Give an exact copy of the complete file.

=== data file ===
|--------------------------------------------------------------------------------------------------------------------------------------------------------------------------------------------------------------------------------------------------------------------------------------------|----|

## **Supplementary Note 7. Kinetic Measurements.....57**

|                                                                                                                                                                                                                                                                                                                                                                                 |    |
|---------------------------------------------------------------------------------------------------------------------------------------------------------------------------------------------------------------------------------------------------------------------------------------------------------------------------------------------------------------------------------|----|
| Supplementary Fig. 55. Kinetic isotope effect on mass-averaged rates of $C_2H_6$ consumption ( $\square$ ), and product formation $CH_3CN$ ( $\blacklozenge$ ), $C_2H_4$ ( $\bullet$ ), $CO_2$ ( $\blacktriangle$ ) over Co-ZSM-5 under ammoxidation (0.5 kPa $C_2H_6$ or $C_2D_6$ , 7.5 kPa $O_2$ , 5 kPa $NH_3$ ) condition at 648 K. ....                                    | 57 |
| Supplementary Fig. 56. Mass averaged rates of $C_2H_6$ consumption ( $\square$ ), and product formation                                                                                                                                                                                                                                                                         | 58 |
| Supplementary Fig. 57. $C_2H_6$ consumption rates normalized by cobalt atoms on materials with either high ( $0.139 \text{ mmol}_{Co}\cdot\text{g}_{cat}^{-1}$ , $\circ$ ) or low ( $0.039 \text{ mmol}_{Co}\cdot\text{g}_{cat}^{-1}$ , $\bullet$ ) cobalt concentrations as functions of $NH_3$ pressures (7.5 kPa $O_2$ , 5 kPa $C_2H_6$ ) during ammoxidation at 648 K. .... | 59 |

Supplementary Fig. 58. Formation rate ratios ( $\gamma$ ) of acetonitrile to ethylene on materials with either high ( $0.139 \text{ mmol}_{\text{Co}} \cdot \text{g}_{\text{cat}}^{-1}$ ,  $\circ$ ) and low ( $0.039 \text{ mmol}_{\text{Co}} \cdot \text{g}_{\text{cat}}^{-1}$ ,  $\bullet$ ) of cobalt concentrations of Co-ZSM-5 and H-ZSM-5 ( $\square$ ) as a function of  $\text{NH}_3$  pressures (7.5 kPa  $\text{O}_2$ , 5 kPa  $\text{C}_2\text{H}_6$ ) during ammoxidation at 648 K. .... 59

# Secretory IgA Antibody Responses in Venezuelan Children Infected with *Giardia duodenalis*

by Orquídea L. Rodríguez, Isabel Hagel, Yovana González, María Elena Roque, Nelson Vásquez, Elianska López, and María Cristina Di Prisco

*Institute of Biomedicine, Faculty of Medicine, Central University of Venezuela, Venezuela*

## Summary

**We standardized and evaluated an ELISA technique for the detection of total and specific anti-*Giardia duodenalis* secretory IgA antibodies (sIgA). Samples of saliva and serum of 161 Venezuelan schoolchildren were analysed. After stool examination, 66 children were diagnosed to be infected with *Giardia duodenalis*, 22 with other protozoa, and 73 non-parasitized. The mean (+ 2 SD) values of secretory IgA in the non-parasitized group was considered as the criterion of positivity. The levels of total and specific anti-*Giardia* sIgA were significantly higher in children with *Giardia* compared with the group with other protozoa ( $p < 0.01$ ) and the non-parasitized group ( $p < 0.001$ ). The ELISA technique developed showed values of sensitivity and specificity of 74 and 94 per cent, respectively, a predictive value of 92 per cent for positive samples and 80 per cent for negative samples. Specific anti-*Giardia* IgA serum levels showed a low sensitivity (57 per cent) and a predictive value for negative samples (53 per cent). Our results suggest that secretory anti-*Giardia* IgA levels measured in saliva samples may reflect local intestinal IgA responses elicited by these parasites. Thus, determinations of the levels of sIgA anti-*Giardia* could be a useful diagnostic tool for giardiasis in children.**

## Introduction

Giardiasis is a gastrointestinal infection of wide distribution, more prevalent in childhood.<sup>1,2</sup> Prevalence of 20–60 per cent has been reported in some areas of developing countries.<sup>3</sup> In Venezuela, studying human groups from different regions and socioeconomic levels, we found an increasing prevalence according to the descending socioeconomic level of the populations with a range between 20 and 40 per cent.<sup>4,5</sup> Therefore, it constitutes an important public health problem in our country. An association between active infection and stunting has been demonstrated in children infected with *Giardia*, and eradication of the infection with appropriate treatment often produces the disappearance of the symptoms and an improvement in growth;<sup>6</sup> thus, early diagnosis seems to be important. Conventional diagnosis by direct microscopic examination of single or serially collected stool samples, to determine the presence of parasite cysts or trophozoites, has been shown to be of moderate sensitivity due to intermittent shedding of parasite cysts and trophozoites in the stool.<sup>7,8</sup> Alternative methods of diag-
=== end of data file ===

|--------------------------------------------------------------------------------------------------------------------------------------------------------------------------------------------------------------------------------------------------------------------------------------------|----|

## **Supplementary Note 7. Kinetic Measurements.....57**

|                                                                                                                                                                                                                                                                                                                                                                                 |    |
|---------------------------------------------------------------------------------------------------------------------------------------------------------------------------------------------------------------------------------------------------------------------------------------------------------------------------------------------------------------------------------|----|
| Supplementary Fig. 55. Kinetic isotope effect on mass-averaged rates of $C_2H_6$ consumption ( $\square$ ), and product formation $CH_3CN$ ( $\blacklozenge$ ), $C_2H_4$ ( $\bullet$ ), $CO_2$ ( $\blacktriangle$ ) over Co-ZSM-5 under ammoxidation (0.5 kPa $C_2H_6$ or $C_2D_6$ , 7.5 kPa $O_2$ , 5 kPa $NH_3$ ) condition at 648 K. ....                                    | 57 |
| Supplementary Fig. 56. Mass averaged rates of $C_2H_6$ consumption ( $\square$ ), and product formation                                                                                                                                                                                                                                                                         | 58 |
| Supplementary Fig. 57. $C_2H_6$ consumption rates normalized by cobalt atoms on materials with either high ( $0.139 \text{ mmol}_{Co}\cdot\text{g}_{cat}^{-1}$ , $\circ$ ) or low ( $0.039 \text{ mmol}_{Co}\cdot\text{g}_{cat}^{-1}$ , $\bullet$ ) cobalt concentrations as functions of $NH_3$ pressures (7.5 kPa $O_2$ , 5 kPa $C_2H_6$ ) during ammoxidation at 648 K. .... | 59 |

Supplementary Fig. 58. Formation rate ratios ( $\gamma$ ) of acetonitrile to ethylene on materials with either high ( $0.139 \text{ mmol}_{\text{Co}} \cdot \text{g}_{\text{cat}}^{-1}$ ,  $\circ$ ) and low ( $0.039 \text{ mmol}_{\text{Co}} \cdot \text{g}_{\text{cat}}^{-1}$ ,  $\bullet$ ) of cobalt concentrations of Co-ZSM-5 and H-ZSM-5 ( $\square$ ) as a function of  $\text{NH}_3$  pressures (7.5 kPa  $\text{O}_2$ , 5 kPa  $\text{C}_2\text{H}_6$ ) during ammoxidation at 648 K. .... 59

# Secretory IgA Antibody Responses in Venezuelan Children Infected with *Giardia duodenalis*

by Orquídea L. Rodríguez, Isabel Hagel, Yovana González, María Elena Roque, Nelson Vásquez, Elianska López, and María Cristina Di Prisco

*Institute of Biomedicine, Faculty of Medicine, Central University of Venezuela, Venezuela*

## Summary

**We standardized and evaluated an ELISA technique for the detection of total and specific anti-*Giardia duodenalis* secretory IgA antibodies (sIgA). Samples of saliva and serum of 161 Venezuelan schoolchildren were analysed. After stool examination, 66 children were diagnosed to be infected with *Giardia duodenalis*, 22 with other protozoa, and 73 non-parasitized. The mean (+ 2 SD) values of secretory IgA in the non-parasitized group was considered as the criterion of positivity. The levels of total and specific anti-*Giardia* sIgA were significantly higher in children with *Giardia* compared with the group with other protozoa ( $p < 0.01$ ) and the non-parasitized group ( $p < 0.001$ ). The ELISA technique developed showed values of sensitivity and specificity of 74 and 94 per cent, respectively, a predictive value of 92 per cent for positive samples and 80 per cent for negative samples. Specific anti-*Giardia* IgA serum levels showed a low sensitivity (57 per cent) and a predictive value for negative samples (53 per cent). Our results suggest that secretory anti-*Giardia* IgA levels measured in saliva samples may reflect local intestinal IgA responses elicited by these parasites. Thus, determinations of the levels of sIgA anti-*Giardia* could be a useful diagnostic tool for giardiasis in children.**

## Introduction

Giardiasis is a gastrointestinal infection of wide distribution, more prevalent in childhood.<sup>1,2</sup> Prevalence of 20–60 per cent has been reported in some areas of developing countries.<sup>3</sup> In Venezuela, studying human groups from different regions and socioeconomic levels, we found an increasing prevalence according to the descending socioeconomic level of the populations with a range between 20 and 40 per cent.<sup>4,5</sup> Therefore, it constitutes an important public health problem in our country. An association between active infection and stunting has been demonstrated in children infected with *Giardia*, and eradication of the infection with appropriate treatment often produces the disappearance of the symptoms and an improvement in growth;<sup>6</sup> thus, early diagnosis seems to be important. Conventional diagnosis by direct microscopic examination of single or serially collected stool samples, to determine the presence of parasite cysts or trophozoites, has been shown to be of moderate sensitivity due to intermittent shedding of parasite cysts and trophozoites in the stool.<sup>7,8</sup> Alternative methods of diag-